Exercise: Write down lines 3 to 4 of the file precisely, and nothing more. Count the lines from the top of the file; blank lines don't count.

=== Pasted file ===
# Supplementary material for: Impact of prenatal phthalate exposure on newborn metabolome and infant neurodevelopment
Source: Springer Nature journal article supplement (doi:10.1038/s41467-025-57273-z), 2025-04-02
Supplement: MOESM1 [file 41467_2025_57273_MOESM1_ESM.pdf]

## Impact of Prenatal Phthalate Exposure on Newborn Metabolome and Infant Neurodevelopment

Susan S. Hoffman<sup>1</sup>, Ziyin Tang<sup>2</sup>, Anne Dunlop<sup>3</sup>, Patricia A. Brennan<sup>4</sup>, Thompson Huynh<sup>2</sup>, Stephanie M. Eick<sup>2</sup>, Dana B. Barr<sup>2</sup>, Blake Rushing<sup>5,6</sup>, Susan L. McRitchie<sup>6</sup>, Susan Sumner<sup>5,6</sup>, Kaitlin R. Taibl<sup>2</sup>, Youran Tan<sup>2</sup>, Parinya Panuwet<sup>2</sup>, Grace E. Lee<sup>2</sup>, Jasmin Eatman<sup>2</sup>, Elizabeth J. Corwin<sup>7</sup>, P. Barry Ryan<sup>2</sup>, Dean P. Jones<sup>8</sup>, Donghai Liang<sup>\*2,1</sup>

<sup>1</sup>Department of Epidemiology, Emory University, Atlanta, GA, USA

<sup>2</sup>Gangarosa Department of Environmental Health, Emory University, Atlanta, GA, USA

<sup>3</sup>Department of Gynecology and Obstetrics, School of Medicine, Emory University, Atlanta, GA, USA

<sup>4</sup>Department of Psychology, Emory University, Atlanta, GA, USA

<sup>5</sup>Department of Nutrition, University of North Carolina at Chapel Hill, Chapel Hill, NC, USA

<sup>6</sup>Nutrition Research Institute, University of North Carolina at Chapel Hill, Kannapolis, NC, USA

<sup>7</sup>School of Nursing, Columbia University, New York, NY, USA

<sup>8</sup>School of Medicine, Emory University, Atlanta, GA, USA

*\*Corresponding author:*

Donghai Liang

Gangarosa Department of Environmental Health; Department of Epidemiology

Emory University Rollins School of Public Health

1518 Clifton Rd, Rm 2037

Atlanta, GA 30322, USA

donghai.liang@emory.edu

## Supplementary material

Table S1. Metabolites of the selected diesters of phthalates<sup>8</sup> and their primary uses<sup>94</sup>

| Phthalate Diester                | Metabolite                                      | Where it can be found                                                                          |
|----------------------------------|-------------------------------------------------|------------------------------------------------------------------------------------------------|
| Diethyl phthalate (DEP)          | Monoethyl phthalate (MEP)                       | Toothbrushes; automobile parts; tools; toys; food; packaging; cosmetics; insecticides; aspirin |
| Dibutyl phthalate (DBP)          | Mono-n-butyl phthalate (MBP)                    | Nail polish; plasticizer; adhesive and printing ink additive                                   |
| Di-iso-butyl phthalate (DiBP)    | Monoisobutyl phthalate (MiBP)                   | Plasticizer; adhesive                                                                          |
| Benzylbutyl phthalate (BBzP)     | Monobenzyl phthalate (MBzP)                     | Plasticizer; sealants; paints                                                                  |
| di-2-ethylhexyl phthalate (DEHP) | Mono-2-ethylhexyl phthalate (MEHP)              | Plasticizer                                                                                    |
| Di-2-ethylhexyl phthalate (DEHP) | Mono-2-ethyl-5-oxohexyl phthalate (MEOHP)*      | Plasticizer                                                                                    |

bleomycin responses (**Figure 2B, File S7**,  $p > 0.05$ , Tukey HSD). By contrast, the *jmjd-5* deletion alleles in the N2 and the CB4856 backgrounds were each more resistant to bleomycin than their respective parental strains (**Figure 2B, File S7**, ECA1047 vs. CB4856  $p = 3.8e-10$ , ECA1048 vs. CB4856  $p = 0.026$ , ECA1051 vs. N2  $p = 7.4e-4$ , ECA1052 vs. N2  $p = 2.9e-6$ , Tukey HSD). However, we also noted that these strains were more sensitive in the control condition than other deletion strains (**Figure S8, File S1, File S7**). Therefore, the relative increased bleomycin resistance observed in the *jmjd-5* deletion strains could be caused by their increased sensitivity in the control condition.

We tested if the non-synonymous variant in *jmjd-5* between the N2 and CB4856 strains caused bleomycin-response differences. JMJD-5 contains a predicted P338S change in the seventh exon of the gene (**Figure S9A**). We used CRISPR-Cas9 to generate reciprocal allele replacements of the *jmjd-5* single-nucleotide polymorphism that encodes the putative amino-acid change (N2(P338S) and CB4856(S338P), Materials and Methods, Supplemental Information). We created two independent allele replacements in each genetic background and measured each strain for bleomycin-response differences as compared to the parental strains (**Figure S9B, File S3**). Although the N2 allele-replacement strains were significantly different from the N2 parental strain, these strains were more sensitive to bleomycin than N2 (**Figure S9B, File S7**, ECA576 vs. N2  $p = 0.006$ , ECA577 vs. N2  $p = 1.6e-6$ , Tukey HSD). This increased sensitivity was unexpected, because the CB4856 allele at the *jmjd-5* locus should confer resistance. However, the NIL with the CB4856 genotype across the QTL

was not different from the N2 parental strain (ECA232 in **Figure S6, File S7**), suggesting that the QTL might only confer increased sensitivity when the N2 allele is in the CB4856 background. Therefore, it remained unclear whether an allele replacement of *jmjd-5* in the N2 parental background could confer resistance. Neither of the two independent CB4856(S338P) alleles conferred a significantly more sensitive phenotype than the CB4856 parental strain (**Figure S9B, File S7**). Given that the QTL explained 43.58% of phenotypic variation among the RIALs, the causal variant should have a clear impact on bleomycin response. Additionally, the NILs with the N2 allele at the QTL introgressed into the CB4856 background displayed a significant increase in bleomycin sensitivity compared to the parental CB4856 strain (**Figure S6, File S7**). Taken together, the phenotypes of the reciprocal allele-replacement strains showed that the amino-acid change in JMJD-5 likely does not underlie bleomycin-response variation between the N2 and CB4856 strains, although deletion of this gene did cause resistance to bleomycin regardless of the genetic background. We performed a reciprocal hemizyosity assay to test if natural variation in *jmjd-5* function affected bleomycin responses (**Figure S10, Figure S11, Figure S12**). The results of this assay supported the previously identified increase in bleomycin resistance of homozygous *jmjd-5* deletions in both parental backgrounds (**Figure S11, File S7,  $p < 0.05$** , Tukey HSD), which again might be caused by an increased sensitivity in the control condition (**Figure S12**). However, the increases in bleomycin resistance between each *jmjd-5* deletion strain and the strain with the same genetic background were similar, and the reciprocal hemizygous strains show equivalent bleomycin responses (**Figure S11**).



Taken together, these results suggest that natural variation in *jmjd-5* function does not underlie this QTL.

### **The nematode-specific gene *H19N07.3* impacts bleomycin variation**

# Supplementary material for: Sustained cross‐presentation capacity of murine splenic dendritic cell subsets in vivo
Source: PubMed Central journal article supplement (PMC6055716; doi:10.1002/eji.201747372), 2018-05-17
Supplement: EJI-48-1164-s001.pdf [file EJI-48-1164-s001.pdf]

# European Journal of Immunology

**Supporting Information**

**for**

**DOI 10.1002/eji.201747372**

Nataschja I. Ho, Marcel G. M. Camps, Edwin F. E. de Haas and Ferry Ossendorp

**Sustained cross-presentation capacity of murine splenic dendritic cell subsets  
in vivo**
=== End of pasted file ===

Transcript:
Supplement: MOESM1 [file 41467_2025_57273_MOESM1_ESM.pdf]

## Impact of Prenatal Phthalate Exposure on Newborn Metabolome and Infant Neurodevelopment